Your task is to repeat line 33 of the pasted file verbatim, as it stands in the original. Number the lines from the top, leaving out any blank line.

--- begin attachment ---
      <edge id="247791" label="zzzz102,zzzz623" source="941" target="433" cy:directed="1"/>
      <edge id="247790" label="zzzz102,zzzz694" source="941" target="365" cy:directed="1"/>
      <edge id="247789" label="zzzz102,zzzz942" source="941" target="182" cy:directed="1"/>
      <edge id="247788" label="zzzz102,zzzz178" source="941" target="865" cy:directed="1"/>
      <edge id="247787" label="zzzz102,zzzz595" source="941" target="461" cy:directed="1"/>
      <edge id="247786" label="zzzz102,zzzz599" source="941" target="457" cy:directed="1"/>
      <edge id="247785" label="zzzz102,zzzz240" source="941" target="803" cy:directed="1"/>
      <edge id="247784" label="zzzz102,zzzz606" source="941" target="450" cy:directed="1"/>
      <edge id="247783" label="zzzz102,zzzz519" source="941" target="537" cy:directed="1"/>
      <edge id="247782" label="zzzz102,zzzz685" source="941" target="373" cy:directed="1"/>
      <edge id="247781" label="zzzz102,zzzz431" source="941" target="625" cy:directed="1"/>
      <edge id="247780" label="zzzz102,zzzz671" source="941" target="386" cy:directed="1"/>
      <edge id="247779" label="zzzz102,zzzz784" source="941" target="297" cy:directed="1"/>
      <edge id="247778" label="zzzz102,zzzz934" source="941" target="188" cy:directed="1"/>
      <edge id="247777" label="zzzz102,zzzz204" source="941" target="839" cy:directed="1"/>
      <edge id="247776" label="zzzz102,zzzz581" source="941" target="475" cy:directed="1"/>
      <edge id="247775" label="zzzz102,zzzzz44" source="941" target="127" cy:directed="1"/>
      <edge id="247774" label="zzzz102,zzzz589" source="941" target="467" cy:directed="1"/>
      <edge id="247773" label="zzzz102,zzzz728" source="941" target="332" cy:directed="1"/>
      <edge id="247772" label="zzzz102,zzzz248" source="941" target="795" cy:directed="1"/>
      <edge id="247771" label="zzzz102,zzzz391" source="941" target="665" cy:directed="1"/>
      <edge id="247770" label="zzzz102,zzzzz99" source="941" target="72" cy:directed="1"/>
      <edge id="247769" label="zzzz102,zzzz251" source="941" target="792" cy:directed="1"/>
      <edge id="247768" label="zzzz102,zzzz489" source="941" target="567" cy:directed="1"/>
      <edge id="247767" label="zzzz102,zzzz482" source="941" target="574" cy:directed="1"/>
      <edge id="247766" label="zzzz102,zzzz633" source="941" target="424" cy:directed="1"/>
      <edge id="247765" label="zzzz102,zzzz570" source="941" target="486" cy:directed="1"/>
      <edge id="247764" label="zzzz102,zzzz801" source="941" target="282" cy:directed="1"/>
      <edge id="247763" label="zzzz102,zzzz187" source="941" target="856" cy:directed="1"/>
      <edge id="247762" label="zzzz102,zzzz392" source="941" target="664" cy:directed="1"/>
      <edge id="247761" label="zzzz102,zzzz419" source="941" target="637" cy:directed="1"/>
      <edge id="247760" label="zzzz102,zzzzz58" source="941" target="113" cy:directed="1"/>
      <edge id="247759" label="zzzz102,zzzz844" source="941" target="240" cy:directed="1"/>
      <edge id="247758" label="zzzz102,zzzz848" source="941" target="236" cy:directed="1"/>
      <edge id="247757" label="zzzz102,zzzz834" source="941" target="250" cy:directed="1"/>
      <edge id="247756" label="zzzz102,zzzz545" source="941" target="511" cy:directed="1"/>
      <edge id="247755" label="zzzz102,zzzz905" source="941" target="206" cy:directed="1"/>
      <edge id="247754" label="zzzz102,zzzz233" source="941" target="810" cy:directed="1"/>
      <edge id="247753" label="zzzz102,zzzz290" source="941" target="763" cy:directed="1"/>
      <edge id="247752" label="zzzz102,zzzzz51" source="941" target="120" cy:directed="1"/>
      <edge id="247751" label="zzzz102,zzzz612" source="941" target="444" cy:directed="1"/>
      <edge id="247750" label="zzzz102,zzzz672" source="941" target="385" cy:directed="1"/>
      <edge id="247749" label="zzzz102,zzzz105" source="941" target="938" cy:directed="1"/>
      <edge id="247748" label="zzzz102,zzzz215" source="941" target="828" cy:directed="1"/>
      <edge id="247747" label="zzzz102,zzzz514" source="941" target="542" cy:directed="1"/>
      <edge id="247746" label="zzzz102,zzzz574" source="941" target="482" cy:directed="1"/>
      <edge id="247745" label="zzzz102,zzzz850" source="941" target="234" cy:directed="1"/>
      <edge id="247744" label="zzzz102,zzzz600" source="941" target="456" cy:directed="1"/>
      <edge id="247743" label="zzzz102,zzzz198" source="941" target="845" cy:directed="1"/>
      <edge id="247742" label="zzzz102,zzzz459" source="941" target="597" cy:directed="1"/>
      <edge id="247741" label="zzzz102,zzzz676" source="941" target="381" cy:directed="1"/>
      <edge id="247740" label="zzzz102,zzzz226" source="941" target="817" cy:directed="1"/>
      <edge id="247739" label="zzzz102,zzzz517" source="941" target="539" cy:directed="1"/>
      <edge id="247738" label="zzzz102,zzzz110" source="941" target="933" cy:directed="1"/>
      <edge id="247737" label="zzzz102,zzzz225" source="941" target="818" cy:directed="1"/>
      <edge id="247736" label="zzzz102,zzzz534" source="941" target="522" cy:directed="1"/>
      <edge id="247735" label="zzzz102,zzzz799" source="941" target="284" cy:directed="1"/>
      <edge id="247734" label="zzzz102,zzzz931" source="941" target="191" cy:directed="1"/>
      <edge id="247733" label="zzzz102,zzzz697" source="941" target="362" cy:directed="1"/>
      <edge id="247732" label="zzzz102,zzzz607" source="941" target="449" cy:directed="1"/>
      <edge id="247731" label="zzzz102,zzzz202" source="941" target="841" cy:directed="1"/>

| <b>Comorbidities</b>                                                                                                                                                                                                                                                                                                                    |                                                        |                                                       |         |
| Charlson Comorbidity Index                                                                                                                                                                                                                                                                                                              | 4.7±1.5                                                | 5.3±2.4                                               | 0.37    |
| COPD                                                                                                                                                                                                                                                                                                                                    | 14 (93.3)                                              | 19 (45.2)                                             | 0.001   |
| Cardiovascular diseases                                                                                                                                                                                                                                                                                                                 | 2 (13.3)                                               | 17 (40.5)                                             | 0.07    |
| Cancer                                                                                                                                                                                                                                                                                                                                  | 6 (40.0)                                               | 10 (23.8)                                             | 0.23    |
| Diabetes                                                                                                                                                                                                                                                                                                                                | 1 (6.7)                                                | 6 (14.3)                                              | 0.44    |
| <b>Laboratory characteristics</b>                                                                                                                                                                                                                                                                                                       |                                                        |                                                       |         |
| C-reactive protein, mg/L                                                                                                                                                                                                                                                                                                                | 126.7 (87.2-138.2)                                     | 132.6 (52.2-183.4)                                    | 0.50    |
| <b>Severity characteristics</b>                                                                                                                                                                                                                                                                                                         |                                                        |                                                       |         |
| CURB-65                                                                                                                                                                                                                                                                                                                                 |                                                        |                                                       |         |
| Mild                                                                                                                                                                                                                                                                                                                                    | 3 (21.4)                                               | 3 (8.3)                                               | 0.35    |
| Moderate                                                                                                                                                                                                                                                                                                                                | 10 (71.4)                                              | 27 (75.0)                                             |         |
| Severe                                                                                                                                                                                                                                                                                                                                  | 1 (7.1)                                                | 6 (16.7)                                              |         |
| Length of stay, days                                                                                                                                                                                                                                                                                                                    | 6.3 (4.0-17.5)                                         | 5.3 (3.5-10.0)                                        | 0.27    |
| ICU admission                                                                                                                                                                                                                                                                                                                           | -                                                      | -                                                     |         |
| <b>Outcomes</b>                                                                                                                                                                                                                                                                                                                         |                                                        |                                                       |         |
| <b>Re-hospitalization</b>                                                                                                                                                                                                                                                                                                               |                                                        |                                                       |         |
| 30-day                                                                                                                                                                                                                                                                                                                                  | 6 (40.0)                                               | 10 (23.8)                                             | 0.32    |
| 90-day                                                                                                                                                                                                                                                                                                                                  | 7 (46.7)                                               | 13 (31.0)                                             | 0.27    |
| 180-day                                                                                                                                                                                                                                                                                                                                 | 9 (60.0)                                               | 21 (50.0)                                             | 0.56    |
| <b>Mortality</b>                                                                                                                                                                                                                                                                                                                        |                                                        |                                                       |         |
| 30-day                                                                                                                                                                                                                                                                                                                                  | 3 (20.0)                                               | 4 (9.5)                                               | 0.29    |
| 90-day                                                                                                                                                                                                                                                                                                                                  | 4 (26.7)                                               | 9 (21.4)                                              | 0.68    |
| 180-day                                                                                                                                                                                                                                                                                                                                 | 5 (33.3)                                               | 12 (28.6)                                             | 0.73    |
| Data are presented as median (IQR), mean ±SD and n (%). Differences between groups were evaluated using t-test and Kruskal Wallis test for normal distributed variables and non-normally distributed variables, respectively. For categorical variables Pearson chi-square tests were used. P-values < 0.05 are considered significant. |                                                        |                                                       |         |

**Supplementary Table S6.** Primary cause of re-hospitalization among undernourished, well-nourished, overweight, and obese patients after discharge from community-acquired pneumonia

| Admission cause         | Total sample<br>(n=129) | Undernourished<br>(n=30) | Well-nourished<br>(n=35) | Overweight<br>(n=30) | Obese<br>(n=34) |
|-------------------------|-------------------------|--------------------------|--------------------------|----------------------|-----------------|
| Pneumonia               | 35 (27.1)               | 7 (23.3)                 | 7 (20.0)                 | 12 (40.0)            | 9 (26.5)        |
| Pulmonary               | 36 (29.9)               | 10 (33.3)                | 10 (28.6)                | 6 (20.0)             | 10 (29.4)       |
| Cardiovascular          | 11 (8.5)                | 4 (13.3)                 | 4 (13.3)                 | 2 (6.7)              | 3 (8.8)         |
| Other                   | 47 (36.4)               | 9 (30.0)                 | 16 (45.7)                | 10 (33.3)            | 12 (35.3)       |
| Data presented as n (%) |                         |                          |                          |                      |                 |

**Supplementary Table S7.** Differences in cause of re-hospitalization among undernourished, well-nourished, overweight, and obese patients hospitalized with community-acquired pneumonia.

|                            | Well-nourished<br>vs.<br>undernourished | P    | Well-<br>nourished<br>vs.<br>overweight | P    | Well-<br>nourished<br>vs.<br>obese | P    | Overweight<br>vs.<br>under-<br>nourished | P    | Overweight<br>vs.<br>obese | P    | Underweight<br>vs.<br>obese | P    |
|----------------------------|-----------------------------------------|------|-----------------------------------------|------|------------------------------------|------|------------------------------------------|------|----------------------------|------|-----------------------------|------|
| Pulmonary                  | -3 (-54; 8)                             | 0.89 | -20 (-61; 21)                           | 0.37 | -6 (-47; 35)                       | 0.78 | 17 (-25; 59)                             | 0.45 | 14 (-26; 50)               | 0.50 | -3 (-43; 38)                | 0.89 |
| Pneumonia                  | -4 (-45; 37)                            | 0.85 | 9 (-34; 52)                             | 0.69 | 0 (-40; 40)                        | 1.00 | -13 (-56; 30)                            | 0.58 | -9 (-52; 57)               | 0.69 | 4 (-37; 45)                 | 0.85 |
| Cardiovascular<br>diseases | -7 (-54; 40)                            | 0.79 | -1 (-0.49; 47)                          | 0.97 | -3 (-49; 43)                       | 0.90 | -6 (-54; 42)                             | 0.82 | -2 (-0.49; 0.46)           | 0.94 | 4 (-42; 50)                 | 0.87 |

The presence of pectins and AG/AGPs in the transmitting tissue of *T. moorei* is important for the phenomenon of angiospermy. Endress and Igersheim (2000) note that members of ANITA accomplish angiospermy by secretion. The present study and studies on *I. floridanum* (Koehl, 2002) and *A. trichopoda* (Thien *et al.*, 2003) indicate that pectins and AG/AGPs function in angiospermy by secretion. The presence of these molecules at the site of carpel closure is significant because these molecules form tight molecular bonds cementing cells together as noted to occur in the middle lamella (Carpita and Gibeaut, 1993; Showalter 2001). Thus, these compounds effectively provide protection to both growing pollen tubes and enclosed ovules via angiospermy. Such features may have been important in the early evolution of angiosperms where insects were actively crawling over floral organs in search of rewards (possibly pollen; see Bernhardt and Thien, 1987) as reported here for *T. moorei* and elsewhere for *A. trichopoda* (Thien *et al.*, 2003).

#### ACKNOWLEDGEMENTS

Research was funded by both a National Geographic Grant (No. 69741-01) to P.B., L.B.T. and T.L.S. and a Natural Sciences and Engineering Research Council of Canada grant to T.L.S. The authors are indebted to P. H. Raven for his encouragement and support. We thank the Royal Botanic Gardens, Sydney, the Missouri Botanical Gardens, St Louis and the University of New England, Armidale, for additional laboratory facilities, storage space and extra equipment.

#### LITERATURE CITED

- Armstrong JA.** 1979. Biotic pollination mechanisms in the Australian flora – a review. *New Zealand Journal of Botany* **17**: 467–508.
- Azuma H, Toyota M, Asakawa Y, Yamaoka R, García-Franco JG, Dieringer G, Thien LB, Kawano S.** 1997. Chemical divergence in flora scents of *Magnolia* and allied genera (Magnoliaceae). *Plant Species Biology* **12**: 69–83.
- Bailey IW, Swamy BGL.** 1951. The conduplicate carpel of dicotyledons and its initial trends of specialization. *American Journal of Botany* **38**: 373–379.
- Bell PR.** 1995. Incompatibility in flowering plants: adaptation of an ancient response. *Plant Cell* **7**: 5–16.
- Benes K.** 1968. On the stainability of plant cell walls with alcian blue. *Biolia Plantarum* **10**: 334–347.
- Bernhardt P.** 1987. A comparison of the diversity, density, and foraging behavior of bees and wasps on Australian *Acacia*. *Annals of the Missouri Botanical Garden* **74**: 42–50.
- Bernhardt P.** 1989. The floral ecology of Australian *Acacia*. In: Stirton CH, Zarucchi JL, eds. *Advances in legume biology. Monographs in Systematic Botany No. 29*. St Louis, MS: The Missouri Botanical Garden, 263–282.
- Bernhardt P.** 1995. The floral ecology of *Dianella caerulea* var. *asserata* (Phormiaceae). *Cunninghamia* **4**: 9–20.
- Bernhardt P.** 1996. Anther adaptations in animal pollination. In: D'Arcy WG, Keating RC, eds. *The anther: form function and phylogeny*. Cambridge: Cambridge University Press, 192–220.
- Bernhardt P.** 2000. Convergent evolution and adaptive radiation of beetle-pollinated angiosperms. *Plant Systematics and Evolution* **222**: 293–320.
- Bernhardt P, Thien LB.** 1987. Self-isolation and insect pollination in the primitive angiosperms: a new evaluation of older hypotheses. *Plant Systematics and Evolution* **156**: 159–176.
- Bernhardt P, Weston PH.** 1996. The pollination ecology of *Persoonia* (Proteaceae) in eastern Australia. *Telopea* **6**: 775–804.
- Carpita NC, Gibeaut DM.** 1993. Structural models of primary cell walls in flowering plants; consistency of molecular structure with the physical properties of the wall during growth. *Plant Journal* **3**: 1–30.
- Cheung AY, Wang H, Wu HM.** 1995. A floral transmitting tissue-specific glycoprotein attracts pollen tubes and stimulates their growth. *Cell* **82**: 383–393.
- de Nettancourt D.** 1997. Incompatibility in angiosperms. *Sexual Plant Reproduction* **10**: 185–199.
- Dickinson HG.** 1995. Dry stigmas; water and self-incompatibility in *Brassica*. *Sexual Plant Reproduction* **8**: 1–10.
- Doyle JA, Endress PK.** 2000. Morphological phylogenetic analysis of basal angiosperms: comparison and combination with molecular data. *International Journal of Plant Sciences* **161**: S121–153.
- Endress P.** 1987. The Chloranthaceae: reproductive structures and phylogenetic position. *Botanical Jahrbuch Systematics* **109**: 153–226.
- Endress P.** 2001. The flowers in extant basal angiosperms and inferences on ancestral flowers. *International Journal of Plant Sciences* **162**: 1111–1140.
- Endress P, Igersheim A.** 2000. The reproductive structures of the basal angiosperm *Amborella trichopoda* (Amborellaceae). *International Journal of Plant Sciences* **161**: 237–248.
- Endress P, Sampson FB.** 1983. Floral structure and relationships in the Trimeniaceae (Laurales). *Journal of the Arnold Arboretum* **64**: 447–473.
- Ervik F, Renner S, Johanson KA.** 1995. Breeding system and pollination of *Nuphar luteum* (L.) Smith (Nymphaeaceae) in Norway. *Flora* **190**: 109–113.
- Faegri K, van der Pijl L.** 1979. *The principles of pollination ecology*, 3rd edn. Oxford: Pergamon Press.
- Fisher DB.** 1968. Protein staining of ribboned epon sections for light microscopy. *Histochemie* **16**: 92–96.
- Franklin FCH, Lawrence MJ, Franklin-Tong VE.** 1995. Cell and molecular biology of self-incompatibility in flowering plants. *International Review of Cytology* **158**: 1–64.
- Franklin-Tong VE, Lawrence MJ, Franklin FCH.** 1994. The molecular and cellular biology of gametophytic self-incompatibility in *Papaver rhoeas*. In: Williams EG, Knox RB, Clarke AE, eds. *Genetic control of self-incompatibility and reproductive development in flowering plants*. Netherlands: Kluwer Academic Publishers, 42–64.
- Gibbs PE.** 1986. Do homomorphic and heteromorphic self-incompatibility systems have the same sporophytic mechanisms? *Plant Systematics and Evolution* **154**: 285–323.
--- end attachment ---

      <edge id="247759" label="zzzz102,zzzz844" source="941" target="240" cy:directed="1"/>